The battle at the Bessemer warehouse, which opened last spring, has emerged as one of the largest, and most closely watched, labor fights among private U.S. employers in recent history. The RWDSU filed in November a petition with the National Labor Relations Board to hold the Amazon unionization vote and won the right to hold a seven-week mail-in election that ends March 29.

Pro-union workers at the facility have expressed concern about the pressure to meet aggressive quotas to stow, pick and pack goods. Some workers also want Amazon to resume the $2-an-hour bonus it instituted at the start of the pandemic but eliminated at the end of May as infection rates across the country began to stabilize.

“We fully endorse Senator Sanders’ efforts to reduce income inequality with legislation to increase the federal minimum wage to $15 an hour for all workers, like we did in 2018,” Amazon spokeswoman Jodi Seth said via email.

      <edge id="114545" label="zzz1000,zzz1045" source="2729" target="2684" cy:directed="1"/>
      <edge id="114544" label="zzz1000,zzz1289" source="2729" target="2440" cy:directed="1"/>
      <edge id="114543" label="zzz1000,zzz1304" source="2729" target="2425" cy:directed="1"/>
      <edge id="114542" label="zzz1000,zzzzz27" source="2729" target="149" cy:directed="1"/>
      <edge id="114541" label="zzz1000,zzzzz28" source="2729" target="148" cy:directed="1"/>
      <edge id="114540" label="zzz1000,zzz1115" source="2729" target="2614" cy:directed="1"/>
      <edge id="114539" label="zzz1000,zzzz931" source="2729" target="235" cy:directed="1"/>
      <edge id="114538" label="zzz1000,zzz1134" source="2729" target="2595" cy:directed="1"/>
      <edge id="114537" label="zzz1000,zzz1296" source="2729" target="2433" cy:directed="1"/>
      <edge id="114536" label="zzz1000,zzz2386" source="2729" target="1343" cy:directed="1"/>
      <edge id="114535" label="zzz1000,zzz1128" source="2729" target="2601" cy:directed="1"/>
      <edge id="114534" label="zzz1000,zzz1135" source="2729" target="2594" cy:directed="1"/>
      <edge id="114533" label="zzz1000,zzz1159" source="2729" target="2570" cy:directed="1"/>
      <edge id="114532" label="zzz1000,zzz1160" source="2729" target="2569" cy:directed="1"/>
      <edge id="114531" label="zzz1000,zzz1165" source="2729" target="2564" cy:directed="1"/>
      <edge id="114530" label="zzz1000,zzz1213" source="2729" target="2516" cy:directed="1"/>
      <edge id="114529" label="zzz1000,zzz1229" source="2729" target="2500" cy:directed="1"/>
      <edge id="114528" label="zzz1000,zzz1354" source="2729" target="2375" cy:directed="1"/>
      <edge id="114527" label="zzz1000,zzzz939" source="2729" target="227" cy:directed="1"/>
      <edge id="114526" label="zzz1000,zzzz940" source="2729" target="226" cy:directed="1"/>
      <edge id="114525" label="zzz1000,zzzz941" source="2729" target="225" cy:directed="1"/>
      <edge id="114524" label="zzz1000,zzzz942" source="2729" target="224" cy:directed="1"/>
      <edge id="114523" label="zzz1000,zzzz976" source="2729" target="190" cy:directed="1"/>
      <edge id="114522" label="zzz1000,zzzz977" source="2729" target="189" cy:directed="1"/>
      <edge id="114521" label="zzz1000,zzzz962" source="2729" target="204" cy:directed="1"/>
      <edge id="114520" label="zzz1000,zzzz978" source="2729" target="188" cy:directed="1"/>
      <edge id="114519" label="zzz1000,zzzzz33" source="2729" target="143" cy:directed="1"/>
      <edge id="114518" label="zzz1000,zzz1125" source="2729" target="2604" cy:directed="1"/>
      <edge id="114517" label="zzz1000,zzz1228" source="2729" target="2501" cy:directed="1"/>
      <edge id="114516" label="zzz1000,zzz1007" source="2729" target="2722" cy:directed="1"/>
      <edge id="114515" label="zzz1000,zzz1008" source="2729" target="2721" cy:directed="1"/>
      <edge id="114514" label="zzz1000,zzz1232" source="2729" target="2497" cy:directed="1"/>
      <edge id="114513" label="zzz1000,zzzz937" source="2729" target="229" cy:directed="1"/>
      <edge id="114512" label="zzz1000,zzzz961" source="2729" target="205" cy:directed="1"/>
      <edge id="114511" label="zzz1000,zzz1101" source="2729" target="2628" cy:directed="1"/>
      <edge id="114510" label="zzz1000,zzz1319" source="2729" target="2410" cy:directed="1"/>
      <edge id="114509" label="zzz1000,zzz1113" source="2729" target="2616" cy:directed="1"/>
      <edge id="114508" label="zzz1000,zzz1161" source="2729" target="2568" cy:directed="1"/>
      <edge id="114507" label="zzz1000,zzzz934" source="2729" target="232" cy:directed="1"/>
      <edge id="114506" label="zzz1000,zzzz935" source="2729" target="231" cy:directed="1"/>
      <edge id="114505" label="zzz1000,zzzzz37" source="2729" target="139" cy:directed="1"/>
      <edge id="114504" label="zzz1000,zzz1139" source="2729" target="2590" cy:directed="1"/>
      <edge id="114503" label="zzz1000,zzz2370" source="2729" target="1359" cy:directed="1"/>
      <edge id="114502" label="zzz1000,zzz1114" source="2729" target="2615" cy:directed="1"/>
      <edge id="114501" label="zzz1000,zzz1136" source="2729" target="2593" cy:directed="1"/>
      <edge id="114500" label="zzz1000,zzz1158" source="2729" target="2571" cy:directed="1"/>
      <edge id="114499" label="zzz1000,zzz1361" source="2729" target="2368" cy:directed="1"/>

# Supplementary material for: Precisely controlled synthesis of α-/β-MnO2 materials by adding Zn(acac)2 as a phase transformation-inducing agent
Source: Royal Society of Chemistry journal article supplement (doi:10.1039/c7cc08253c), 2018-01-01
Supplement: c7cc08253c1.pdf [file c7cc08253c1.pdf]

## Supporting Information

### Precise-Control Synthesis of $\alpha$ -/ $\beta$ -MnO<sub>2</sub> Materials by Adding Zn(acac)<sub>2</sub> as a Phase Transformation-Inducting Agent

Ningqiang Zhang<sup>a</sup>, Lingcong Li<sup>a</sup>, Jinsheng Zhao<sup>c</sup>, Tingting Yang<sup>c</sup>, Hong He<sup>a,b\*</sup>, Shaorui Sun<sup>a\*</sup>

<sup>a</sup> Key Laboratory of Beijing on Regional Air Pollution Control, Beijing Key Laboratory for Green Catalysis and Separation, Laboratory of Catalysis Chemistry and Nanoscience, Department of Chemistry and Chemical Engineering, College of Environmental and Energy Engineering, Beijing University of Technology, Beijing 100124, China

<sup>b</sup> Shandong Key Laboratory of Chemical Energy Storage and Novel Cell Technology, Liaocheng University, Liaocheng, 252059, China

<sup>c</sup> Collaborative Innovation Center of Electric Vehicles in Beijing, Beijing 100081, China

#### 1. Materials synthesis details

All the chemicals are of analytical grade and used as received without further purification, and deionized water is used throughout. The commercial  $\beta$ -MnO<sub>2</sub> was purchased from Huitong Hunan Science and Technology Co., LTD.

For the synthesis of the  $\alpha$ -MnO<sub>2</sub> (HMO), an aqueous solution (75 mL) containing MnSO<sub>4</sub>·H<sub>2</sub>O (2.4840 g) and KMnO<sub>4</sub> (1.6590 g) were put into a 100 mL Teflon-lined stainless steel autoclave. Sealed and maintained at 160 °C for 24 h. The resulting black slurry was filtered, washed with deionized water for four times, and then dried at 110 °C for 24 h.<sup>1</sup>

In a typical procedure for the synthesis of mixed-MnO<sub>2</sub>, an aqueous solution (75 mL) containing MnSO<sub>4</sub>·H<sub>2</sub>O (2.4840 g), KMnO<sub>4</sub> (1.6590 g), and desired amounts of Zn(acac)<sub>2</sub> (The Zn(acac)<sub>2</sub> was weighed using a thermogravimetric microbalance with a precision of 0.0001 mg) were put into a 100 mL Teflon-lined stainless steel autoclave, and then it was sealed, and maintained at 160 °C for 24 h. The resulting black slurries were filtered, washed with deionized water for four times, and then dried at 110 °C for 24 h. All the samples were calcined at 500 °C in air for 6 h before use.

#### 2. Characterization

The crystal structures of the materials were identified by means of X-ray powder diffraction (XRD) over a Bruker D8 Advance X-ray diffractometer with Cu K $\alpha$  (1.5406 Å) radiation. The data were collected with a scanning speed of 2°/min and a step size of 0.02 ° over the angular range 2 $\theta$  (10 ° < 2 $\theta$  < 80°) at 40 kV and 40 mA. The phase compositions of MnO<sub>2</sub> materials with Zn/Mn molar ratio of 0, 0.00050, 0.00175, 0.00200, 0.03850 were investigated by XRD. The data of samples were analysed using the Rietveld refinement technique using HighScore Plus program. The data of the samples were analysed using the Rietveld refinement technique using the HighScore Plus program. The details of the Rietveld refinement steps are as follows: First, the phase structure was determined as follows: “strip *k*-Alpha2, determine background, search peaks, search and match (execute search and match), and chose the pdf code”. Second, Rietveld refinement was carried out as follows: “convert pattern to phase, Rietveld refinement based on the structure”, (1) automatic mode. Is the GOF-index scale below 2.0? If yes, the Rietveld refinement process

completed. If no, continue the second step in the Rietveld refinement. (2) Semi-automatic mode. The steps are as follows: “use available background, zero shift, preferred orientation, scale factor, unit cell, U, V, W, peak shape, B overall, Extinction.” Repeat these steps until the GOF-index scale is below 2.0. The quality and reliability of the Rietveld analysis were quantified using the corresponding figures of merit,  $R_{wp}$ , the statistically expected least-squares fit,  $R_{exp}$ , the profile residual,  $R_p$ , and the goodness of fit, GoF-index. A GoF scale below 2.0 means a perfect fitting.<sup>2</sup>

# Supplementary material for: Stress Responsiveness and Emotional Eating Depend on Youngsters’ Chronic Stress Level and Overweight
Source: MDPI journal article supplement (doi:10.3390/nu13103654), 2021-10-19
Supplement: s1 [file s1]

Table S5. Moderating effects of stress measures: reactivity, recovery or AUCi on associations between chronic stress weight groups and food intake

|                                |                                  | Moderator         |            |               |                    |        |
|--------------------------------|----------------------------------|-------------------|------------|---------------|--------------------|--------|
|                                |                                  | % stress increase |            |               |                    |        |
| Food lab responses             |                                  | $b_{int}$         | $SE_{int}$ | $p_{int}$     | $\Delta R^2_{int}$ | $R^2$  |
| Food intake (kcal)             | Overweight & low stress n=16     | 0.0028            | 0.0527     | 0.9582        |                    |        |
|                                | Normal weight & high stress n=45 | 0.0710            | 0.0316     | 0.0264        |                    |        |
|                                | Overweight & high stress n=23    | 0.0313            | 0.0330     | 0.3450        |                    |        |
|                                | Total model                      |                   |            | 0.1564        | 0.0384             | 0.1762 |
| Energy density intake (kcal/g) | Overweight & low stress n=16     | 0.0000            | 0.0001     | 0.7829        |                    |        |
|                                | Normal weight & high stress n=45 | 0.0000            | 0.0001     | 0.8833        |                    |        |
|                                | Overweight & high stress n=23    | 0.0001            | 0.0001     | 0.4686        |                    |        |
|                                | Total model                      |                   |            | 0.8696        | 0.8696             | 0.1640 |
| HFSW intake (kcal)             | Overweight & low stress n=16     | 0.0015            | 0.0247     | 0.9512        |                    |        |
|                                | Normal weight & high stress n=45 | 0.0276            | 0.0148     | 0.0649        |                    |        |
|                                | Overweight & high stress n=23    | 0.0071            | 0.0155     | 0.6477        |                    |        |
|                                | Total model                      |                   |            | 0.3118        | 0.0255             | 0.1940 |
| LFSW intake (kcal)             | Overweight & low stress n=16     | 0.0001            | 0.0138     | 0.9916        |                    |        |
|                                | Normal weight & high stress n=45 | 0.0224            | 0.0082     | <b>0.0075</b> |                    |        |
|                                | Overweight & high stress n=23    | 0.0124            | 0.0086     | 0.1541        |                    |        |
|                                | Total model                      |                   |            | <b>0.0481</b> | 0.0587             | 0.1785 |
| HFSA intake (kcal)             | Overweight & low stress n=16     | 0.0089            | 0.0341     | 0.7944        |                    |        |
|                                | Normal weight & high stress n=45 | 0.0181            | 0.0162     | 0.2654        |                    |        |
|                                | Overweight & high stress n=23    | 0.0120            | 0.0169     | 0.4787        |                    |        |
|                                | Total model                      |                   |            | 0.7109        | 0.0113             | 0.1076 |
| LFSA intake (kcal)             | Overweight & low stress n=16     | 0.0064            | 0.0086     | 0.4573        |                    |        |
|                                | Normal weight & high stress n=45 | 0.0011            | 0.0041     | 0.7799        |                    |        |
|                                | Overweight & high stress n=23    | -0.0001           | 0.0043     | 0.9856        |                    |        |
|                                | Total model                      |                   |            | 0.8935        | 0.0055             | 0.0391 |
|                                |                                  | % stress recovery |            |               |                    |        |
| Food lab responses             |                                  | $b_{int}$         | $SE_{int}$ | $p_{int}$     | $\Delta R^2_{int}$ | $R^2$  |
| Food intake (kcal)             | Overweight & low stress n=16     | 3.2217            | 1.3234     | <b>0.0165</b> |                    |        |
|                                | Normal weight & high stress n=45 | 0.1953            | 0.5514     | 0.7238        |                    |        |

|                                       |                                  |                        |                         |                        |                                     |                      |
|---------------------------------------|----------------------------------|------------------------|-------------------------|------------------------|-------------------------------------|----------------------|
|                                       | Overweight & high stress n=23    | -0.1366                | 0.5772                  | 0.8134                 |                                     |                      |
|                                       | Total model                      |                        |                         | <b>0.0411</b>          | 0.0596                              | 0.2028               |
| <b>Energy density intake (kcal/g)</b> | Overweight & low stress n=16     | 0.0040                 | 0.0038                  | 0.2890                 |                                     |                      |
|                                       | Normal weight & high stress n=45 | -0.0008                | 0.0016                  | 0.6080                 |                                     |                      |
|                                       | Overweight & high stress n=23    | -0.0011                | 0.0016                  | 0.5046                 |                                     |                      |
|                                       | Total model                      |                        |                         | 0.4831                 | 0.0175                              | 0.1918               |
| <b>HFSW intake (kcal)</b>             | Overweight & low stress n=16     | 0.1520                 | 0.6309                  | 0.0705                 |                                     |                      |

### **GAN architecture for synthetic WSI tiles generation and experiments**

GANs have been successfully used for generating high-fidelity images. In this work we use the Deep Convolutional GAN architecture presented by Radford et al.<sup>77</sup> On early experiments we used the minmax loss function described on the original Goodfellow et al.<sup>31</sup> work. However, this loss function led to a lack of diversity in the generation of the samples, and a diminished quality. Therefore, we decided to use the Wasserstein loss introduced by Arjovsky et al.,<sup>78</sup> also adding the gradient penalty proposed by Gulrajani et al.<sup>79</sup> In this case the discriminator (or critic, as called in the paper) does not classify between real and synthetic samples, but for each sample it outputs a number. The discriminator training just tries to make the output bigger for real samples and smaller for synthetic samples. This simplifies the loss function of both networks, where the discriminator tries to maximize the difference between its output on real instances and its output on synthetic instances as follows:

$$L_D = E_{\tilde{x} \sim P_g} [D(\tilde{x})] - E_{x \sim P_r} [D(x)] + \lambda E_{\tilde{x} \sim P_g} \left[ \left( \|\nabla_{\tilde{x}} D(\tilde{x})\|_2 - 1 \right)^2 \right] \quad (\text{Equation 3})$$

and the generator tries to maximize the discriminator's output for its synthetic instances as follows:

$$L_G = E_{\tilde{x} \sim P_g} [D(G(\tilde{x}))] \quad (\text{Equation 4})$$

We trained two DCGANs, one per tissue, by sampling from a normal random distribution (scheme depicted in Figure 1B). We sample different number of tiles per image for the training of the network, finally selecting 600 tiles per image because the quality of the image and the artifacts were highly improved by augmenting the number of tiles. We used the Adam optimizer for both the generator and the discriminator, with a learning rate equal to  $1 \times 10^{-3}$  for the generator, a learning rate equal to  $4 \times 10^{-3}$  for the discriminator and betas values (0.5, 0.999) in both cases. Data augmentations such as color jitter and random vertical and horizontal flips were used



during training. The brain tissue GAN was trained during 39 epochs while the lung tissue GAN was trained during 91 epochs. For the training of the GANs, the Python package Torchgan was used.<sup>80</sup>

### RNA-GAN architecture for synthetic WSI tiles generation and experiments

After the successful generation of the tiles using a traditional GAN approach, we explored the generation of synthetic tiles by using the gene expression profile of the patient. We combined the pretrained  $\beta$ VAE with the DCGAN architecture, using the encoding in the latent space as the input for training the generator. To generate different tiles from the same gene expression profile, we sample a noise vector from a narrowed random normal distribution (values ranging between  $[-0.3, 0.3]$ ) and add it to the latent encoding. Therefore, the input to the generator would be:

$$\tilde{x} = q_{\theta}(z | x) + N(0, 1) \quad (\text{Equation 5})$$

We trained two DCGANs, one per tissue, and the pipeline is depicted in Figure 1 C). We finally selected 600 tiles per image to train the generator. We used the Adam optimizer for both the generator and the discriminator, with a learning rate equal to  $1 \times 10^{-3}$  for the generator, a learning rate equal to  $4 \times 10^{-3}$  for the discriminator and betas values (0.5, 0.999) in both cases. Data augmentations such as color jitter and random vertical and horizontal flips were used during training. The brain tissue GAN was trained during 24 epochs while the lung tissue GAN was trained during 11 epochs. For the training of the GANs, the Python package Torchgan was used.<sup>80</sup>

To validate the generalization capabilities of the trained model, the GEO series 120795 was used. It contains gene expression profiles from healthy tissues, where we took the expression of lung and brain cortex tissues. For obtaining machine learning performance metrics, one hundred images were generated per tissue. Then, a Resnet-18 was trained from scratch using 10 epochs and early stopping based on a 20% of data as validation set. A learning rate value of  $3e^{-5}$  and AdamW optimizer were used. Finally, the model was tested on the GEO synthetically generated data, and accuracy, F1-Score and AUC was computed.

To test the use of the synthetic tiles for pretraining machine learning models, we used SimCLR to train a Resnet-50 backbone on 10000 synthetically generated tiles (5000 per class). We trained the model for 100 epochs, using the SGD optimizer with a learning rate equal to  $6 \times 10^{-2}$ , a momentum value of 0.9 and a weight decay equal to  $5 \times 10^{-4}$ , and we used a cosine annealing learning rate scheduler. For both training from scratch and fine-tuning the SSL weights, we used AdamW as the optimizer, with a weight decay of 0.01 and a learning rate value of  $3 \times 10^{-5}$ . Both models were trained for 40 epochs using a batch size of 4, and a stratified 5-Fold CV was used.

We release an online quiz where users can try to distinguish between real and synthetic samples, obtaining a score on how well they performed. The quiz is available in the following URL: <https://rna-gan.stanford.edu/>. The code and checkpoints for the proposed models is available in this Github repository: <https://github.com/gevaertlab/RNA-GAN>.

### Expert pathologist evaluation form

The company has said it offers Bessemer workers generous benefits, as well as a starting pay of $15.30 an hour, well above the federal minimum wage of $7.25 an hour. (Alabama has no state minimum-wage law.) The company has claimed the union doesn’t represent the views of a majority of its employees.

Late last month, the unionization effort got an enormous boost from President Biden, who tweeted a video saying workers should be able to make their decision in the election without pressure from the company. While Biden didn’t name Amazon in the video, he made it clear that he supports the union drive.

Biden hails Amazon workers pressing to unionize in Alabama in unusual sign of support

“Today and over the next few days and weeks, workers in Alabama, and all across America, are voting on whether to organize a union in their workplace,” Biden said. “There should be no intimidation, no coercion, no threats, no anti-union propaganda.”

Amazon has been aggressively trying to shut down the organizing drive, peppering workers with several texts a day discouraging unionization. It has offered to pay unhappy workers who have been with the company for a year to leave. It has even posted fliers on the door inside a bathroom stall urging them to vote no to the union.